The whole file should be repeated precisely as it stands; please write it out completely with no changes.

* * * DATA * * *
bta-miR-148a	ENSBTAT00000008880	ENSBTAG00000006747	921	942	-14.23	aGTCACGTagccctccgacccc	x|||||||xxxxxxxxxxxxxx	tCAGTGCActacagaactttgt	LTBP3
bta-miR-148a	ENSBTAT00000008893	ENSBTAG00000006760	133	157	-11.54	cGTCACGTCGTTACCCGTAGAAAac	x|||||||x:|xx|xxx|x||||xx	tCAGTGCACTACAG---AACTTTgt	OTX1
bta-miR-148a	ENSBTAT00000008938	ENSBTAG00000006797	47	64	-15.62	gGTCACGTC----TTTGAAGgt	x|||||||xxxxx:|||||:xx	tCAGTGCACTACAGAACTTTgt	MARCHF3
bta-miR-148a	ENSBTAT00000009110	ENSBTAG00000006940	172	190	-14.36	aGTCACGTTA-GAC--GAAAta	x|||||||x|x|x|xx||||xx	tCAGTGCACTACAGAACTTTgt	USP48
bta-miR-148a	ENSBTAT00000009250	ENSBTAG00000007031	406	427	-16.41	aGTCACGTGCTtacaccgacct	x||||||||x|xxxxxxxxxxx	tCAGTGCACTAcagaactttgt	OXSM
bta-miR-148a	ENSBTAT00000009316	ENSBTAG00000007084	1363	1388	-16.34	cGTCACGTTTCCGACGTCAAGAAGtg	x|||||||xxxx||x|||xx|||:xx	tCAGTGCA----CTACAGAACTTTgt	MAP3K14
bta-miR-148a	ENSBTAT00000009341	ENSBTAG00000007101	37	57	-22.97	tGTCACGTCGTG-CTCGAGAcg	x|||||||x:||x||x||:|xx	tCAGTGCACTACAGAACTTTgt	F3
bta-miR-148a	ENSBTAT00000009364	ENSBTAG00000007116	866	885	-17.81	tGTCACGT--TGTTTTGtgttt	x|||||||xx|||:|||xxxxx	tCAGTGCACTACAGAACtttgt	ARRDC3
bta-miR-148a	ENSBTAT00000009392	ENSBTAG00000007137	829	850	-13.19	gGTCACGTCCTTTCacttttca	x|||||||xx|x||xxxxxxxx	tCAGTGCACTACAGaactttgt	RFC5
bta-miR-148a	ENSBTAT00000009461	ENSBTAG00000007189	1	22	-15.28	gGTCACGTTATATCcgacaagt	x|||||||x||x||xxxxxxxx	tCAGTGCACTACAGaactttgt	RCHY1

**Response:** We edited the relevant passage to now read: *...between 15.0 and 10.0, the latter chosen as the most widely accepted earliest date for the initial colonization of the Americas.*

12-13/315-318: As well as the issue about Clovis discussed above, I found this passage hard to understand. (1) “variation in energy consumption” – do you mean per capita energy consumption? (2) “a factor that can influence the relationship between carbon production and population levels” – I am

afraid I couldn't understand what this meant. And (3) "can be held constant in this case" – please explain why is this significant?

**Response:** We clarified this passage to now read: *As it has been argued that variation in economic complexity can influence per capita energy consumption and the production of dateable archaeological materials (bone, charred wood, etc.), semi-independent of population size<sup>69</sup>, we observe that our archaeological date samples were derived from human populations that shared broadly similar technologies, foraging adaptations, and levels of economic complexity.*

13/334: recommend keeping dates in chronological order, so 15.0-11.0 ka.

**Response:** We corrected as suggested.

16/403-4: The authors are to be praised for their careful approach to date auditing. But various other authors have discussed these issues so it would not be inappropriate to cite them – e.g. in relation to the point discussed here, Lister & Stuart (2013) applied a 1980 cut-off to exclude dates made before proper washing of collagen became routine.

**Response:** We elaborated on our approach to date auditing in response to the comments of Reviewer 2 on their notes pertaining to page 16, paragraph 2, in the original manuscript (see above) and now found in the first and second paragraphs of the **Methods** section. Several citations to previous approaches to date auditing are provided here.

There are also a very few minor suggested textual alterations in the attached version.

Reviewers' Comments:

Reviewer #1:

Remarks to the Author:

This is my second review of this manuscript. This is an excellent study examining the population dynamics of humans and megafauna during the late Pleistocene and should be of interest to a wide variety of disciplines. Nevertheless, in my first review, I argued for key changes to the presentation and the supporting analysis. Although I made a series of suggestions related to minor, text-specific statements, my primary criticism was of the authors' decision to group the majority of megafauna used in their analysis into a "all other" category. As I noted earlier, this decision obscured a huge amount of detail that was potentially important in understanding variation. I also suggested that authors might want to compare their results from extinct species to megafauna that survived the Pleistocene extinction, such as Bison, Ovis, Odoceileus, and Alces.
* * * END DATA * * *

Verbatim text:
bta-miR-148a	ENSBTAT00000008880	ENSBTAG00000006747	921	942	-14.23	aGTCACGTagccctccgacccc	x|||||||xxxxxxxxxxxxxx	tCAGTGCActacagaactttgt	LTBP3
bta-miR-148a	ENSBTAT00000008893	ENSBTAG00000006760	133	157	-11.54	cGTCACGTCGTTACCCGTAGAAAac	x|||||||x:|xx|xxx|x||||xx	tCAGTGCACTACAG---AACTTTgt	OTX1
bta-miR-148a	ENSBTAT00000008938	ENSBTAG00000006797	47	64	-15.62	gGTCACGTC----TTTGAAGgt	x|||||||xxxxx:|||||:xx	tCAGTGCACTACAGAACTTTgt	MARCHF3
bta-miR-148a	ENSBTAT00000009110	ENSBTAG00000006940	172	190	-14.36	aGTCACGTTA-GAC--GAAAta	x|||||||x|x|x|xx||||xx	tCAGTGCACTACAGAACTTTgt	USP48
bta-miR-148a	ENSBTAT00000009250	ENSBTAG00000007031	406	427	-16.41	aGTCACGTGCTtacaccgacct	x||||||||x|xxxxxxxxxxx	tCAGTGCACTAcagaactttgt	OXSM
bta-miR-148a	ENSBTAT00000009316	ENSBTAG00000007084	1363	1388	-16.34	cGTCACGTTTCCGACGTCAAGAAGtg	x|||||||xxxx||x|||xx|||:xx	tCAGTGCA----CTACAGAACTTTgt	MAP3K14
bta-miR-148a	ENSBTAT00000009341	ENSBTAG00000007101	37	57	-22.97	tGTCACGTCGTG-CTCGAGAcg	x|||||||x:||x||x||:|xx	tCAGTGCACTACAGAACTTTgt	F3
bta-miR-148a	ENSBTAT00000009364	ENSBTAG00000007116	866	885	-17.81	tGTCACGT--TGTTTTGtgttt	x|||||||xx|||:|||xxxxx	tCAGTGCACTACAGAACtttgt	ARRDC3
bta-miR-148a	ENSBTAT00000009392	ENSBTAG00000007137	829	850	-13.19	gGTCACGTCCTTTCacttttca	x|||||||xx|x||xxxxxxxx	tCAGTGCACTACAGaactttgt	RFC5
bta-miR-148a	ENSBTAT00000009461	ENSBTAG00000007189	1	22	-15.28	gGTCACGTTATATCcgacaagt	x|||||||x||x||xxxxxxxx	tCAGTGCACTACAGaactttgt	RCHY1

**Response:** We edited the relevant passage to now read: *...between 15.0 and 10.0, the latter chosen as the most widely accepted earliest date for the initial colonization of the Americas.*

12-13/315-318: As well as the issue about Clovis discussed above, I found this passage hard to understand. (1) “variation in energy consumption” – do you mean per capita energy consumption? (2) “a factor that can influence the relationship between carbon production and population levels” – I am

afraid I couldn't understand what this meant. And (3) "can be held constant in this case" – please explain why is this significant?

**Response:** We clarified this passage to now read: *As it has been argued that variation in economic complexity can influence per capita energy consumption and the production of dateable archaeological materials (bone, charred wood, etc.), semi-independent of population size<sup>69</sup>, we observe that our archaeological date samples were derived from human populations that shared broadly similar technologies, foraging adaptations, and levels of economic complexity.*

13/334: recommend keeping dates in chronological order, so 15.0-11.0 ka.

**Response:** We corrected as suggested.

16/403-4: The authors are to be praised for their careful approach to date auditing. But various other authors have discussed these issues so it would not be inappropriate to cite them – e.g. in relation to the point discussed here, Lister & Stuart (2013) applied a 1980 cut-off to exclude dates made before proper washing of collagen became routine.

**Response:** We elaborated on our approach to date auditing in response to the comments of Reviewer 2 on their notes pertaining to page 16, paragraph 2, in the original manuscript (see above) and now found in the first and second paragraphs of the **Methods** section. Several citations to previous approaches to date auditing are provided here.

There are also a very few minor suggested textual alterations in the attached version.

Reviewers' Comments:

Reviewer #1:

Remarks to the Author:

This is my second review of this manuscript. This is an excellent study examining the population dynamics of humans and megafauna during the late Pleistocene and should be of interest to a wide variety of disciplines. Nevertheless, in my first review, I argued for key changes to the presentation and the supporting analysis. Although I made a series of suggestions related to minor, text-specific statements, my primary criticism was of the authors' decision to group the majority of megafauna used in their analysis into a "all other" category. As I noted earlier, this decision obscured a huge amount of detail that was potentially important in understanding variation. I also suggested that authors might want to compare their results from extinct species to megafauna that survived the Pleistocene extinction, such as Bison, Ovis, Odoceileus, and Alces.